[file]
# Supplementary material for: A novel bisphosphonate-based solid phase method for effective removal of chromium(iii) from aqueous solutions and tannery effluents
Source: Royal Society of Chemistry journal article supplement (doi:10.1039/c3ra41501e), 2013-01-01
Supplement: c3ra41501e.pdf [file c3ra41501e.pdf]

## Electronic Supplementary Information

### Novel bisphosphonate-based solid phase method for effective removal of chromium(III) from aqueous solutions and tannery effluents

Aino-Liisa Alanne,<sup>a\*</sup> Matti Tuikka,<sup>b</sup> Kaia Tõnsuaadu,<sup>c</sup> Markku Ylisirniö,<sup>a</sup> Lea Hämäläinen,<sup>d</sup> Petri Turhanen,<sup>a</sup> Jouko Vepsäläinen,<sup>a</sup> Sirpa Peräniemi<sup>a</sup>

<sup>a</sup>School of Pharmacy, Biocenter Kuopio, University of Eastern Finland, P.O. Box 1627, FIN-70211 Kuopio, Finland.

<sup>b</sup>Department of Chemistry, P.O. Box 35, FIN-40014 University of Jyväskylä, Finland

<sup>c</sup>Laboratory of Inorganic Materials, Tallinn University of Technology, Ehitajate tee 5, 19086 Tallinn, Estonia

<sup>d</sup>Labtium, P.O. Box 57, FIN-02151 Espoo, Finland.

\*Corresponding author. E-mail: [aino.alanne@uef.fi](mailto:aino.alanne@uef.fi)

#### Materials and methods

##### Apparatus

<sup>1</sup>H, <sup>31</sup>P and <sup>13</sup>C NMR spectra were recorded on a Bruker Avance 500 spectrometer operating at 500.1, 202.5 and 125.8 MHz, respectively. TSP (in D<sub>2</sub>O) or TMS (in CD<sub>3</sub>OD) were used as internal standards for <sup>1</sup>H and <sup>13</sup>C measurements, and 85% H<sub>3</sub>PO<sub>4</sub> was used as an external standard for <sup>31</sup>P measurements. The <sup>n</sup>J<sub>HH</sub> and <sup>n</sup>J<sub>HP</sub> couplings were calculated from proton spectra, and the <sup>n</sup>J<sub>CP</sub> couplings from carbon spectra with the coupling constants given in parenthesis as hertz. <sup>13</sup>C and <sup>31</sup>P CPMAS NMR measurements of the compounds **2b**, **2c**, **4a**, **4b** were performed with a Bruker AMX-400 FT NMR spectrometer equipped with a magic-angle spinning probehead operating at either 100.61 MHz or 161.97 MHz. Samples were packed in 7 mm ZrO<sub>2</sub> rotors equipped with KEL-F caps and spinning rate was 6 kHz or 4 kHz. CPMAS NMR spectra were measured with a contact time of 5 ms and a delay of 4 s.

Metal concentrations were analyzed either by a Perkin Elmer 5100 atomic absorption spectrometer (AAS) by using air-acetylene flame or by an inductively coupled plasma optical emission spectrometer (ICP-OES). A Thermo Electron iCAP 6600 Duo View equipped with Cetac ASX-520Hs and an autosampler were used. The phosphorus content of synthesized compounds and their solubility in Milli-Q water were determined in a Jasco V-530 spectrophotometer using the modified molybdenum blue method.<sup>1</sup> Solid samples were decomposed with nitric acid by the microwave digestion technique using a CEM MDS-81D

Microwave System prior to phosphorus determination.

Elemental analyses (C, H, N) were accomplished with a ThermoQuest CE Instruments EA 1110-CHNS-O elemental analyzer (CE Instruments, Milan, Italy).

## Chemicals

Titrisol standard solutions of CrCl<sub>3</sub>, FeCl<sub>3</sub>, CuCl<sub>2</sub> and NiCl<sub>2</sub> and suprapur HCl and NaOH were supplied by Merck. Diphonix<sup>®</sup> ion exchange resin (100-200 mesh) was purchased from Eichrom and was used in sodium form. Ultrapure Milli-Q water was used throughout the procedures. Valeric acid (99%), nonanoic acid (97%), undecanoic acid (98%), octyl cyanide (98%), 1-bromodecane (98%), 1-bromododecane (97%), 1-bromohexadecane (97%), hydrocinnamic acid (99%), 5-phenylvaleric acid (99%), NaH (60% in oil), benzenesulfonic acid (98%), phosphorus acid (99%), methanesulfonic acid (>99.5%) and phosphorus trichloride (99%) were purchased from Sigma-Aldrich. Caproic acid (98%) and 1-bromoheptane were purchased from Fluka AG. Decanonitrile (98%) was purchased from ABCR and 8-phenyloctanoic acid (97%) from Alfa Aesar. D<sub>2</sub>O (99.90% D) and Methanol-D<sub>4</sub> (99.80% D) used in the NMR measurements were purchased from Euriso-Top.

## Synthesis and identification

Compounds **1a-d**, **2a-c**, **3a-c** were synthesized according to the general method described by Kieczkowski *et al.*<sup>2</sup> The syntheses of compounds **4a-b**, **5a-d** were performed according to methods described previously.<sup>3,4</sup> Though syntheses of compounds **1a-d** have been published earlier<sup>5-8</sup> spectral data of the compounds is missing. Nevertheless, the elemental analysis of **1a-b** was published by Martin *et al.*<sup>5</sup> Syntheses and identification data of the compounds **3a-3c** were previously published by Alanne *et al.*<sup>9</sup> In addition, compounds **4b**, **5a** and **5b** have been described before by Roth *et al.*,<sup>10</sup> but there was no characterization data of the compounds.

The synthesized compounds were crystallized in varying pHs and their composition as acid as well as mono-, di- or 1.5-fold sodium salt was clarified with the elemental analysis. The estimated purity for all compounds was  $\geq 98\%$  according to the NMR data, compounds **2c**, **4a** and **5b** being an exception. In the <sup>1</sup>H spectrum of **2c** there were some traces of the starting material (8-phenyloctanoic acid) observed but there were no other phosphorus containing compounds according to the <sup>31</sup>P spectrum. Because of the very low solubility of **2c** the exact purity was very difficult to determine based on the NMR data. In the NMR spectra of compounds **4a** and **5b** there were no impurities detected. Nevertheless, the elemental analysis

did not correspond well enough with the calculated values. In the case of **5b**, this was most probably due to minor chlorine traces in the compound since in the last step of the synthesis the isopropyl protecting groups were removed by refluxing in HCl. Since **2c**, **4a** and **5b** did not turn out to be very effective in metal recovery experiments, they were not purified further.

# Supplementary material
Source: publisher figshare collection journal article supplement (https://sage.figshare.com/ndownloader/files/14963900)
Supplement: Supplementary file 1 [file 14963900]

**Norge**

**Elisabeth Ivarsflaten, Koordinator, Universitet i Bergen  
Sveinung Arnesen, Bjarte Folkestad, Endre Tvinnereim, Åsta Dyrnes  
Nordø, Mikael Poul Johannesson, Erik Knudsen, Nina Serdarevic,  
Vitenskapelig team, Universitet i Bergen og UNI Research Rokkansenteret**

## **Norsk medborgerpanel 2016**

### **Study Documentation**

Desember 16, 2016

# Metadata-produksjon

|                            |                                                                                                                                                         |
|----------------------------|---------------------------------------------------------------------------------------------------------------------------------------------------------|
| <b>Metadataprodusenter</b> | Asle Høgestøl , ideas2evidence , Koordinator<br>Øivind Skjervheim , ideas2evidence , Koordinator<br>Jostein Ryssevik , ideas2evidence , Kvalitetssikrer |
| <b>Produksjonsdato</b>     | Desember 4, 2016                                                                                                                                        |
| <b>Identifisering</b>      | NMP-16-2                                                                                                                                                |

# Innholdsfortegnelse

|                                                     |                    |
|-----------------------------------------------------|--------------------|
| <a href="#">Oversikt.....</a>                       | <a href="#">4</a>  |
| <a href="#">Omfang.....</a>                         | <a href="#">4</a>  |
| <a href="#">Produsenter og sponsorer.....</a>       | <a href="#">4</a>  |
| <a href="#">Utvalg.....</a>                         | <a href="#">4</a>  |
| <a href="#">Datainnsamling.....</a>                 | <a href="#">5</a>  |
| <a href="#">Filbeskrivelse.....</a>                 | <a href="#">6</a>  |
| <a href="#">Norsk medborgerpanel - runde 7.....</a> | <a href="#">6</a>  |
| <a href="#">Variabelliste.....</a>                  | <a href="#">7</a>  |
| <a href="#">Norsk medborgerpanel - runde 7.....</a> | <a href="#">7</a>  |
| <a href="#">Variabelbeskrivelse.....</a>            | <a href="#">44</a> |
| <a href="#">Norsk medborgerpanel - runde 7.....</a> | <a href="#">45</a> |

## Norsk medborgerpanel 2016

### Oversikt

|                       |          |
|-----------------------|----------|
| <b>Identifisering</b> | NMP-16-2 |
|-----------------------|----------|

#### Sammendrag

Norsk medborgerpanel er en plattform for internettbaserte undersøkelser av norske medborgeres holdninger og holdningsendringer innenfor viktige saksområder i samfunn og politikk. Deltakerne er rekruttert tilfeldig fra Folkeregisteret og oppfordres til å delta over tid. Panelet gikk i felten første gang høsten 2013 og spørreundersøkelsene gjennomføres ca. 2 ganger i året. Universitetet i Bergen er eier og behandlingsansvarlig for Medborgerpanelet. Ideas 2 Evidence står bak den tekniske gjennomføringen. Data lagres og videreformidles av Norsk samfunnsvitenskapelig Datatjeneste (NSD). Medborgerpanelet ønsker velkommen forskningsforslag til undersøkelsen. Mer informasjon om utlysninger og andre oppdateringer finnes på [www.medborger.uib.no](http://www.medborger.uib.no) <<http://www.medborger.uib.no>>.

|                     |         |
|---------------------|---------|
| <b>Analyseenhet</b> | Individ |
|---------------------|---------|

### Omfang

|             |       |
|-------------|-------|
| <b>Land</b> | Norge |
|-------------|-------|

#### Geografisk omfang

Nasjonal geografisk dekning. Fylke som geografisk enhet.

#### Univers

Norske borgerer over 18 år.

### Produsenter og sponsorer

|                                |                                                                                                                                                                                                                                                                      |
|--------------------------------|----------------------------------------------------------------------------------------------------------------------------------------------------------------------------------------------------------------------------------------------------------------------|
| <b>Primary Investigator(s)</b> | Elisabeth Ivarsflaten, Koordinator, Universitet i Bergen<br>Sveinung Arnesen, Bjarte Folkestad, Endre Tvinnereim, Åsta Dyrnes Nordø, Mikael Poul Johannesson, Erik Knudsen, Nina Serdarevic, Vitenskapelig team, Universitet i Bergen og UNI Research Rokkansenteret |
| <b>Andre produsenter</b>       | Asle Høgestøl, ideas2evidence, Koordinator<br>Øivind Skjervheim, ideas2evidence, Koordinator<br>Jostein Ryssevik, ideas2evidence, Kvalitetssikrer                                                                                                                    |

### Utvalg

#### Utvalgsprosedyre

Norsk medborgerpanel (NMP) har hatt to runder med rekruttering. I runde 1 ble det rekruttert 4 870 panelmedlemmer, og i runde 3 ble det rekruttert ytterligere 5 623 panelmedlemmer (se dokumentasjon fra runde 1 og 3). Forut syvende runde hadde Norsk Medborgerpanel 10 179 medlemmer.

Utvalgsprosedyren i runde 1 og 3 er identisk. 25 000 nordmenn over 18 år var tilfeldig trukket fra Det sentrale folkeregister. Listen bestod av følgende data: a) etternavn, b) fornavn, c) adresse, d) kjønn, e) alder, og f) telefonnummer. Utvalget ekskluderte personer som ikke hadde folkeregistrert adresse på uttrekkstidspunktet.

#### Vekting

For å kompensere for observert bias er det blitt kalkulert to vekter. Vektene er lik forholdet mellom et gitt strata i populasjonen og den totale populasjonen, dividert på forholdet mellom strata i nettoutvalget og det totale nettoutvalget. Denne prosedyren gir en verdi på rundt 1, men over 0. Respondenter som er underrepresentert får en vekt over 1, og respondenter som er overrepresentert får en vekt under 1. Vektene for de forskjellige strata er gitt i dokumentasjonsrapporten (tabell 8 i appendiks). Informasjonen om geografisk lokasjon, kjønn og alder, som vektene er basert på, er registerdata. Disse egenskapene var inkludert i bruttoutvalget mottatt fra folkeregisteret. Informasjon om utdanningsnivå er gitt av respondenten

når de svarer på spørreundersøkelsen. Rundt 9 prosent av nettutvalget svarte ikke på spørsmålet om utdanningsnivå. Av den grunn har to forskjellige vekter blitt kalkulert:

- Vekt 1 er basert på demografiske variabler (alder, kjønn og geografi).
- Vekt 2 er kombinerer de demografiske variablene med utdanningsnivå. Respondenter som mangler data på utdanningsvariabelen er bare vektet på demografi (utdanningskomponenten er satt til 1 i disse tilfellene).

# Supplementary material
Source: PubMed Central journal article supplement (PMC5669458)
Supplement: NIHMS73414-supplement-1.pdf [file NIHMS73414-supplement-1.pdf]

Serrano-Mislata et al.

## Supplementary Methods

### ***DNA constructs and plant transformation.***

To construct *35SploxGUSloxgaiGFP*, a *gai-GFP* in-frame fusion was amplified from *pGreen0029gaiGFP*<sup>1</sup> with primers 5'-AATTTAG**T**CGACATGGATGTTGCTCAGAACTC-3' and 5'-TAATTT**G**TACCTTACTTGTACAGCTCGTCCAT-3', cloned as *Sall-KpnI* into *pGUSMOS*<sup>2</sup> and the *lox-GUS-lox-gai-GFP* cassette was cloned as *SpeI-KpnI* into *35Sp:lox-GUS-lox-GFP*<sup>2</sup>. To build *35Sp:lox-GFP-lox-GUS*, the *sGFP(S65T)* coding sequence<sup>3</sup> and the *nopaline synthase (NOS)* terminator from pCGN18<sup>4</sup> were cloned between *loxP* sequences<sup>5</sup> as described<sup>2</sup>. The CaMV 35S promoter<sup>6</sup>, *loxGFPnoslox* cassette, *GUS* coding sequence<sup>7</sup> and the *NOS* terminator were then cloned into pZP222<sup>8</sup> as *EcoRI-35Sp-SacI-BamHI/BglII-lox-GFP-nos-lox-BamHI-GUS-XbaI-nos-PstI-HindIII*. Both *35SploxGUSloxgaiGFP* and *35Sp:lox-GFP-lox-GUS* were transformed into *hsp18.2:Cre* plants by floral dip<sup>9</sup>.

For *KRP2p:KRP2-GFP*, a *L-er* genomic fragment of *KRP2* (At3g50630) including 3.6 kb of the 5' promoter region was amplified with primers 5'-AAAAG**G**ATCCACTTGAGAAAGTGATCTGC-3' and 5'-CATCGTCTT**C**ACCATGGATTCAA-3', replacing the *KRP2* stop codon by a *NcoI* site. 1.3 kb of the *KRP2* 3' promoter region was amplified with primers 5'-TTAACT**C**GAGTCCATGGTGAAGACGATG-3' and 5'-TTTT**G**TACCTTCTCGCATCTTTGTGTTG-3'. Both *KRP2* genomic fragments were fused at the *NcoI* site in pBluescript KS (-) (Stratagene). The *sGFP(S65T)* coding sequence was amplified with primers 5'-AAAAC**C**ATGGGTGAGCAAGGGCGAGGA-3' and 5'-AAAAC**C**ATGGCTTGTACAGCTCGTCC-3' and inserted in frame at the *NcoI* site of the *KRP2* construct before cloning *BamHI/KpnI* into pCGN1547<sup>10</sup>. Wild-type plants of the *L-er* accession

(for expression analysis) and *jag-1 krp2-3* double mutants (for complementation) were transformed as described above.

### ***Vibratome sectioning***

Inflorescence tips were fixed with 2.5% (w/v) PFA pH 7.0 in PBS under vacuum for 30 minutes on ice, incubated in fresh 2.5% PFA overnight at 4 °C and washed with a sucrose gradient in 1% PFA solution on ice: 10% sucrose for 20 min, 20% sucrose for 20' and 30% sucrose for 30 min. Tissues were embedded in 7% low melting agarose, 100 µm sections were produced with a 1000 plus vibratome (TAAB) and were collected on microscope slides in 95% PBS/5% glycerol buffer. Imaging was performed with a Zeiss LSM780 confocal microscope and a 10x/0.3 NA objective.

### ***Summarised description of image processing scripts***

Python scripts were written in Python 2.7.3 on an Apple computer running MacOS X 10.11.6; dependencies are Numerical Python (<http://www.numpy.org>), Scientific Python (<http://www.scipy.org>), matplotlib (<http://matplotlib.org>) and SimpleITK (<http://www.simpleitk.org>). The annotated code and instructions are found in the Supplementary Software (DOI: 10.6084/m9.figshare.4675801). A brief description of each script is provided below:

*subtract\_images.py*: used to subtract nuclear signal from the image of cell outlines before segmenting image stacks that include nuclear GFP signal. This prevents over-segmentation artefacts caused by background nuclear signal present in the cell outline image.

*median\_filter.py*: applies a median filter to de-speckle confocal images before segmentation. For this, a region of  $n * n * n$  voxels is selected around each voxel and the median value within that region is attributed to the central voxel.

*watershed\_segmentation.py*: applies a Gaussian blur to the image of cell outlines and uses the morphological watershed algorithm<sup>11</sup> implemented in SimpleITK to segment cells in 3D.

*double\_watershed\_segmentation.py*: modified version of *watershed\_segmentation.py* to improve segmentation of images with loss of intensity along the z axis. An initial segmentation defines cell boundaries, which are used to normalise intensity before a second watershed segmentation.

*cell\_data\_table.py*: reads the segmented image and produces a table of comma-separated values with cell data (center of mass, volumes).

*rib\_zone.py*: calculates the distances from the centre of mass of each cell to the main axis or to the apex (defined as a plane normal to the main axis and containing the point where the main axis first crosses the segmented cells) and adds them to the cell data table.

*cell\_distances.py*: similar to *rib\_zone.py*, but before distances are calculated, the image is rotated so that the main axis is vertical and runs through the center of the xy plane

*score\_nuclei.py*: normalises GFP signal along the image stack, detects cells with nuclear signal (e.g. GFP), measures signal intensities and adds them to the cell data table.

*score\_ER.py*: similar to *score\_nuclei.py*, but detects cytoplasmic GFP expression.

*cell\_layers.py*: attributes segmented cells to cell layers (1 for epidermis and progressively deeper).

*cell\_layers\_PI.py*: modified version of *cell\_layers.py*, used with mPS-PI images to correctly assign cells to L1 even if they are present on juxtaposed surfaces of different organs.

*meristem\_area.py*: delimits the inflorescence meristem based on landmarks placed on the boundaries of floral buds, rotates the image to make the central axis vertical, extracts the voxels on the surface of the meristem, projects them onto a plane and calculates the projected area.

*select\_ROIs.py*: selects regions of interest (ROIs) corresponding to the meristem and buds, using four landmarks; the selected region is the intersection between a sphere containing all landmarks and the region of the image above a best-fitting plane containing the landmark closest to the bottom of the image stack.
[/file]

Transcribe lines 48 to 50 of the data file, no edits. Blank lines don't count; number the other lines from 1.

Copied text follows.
| <a href="#">Datainnsamling.....</a>                 | <a href="#">5</a>  |
| <a href="#">Filbeskrivelse.....</a>                 | <a href="#">6</a>  |
| <a href="#">Norsk medborgerpanel - runde 7.....</a> | <a href="#">6</a>  |